Gordhan has, thus, called for the e-toll emotion to be set aside and for South Africans to grasp that there are only “limited sources of funding from which we can pay for the things we desire”. User charges, he asserts, are a crucial element and have to be included in a mix that also comprises direct fiscal allocations, debt raising and public–private partnerships (PPPs).

“It is very important that the principle of user-pay and of user chargers is not undermined through this process and through the emotion, and that we are able to sustain our ambition to provide the kind of infrastructure that will impact positively not only on our economic potential, but also on the environment in which our people live,” Gordhan has argued.

One would have thought that organised business would have jumped to support Gordhan in this, particularly given that business is the champion of the PPP concept and PPPs can generally only take place in an environment where a user-pay ethos prevails.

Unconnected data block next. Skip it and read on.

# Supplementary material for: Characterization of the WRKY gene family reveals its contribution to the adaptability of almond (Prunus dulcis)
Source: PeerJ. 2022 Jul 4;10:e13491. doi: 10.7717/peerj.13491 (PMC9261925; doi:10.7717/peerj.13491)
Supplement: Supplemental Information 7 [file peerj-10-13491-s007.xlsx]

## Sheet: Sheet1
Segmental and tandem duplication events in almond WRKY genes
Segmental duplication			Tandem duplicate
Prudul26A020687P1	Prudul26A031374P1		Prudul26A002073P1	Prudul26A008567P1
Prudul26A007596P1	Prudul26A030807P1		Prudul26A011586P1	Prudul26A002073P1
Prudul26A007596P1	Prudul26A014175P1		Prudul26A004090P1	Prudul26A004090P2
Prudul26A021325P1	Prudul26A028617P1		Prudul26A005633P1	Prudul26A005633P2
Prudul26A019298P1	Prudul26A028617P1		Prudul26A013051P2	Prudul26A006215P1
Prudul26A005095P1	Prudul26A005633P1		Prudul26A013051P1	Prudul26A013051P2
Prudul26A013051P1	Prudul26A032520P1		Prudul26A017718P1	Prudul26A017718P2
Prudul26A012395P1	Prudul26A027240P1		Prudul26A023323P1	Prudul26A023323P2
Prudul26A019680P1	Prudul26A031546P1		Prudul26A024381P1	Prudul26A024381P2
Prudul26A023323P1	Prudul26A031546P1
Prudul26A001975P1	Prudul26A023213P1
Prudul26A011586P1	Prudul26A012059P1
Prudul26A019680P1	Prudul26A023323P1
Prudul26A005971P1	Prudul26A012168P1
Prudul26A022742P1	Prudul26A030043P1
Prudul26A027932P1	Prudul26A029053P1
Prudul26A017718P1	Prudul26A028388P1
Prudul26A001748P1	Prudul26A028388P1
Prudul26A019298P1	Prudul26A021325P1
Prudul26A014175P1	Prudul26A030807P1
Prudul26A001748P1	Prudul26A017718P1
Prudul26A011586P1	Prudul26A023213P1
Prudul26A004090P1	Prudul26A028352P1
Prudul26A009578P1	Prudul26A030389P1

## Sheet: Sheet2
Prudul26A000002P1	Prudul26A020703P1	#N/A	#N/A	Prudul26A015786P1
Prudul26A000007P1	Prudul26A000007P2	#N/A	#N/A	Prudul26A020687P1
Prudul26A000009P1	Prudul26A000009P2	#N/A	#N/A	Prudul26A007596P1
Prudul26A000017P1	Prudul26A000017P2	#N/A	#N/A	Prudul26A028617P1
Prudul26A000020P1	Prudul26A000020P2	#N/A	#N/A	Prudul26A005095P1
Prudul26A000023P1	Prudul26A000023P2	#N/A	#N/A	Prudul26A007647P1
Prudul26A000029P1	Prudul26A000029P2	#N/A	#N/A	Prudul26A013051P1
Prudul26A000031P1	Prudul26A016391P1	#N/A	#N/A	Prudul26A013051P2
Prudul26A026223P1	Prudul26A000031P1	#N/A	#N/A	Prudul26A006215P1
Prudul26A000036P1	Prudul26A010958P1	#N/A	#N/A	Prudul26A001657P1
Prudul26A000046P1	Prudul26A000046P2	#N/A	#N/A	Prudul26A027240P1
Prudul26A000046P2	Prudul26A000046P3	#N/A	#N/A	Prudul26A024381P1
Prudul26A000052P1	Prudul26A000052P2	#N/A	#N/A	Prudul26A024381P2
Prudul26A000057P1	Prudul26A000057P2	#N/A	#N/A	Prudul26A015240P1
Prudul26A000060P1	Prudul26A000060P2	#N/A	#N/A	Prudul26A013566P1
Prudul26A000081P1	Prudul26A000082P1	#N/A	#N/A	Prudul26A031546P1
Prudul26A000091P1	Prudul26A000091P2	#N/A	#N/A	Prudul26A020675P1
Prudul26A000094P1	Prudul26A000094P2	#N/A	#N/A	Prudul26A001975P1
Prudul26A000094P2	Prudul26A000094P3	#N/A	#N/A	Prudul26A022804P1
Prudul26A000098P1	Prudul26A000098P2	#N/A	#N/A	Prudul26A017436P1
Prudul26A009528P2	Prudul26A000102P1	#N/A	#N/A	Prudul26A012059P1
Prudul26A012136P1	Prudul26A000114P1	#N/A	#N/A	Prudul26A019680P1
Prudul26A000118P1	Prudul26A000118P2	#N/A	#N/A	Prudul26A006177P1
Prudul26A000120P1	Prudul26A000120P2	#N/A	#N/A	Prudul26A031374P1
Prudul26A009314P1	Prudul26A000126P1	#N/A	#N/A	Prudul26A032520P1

Instead, business has been all but silent, having been seemingly swayed by those elements within its structures that prefer a payment method premised on adding to the overall tax burden.

Such a reaction is arguably only natural, given the vitriol surrounding e-tolling. But business organisations should not be surprised by future backlashes against PPP projects that will, no doubt, be premised on the user-pay principle.

Possibly, business has reached this seemingly contradictory position owing to the breakdown of the trust relationship between it and govern- ment.

Business has lost faith in government’s ability to deliver on its policy, is frustrated by the lack of PPP progress and is angry at the high level of waste and corruption surrounding the public sector and its projects.

In other words, a mist of mistrust has descended and instead of seeking to see through it, business has opted to settle into an oppositional stance that may well undermine its long-term interests.

Edited by: Terence Creamer
© Reuse this Comment Guidelines (150 word limit)
 
 
 
 
 
 
 
 
Other Editorial Insight News
Given the prevailing uncertainty about Eskom's ability to keep the lights, it came as something of a relief to hear that the bidding process for the long awaited ‘baseload coal’ independent power producer (IPP) procurement programme is set to begin shortly and that...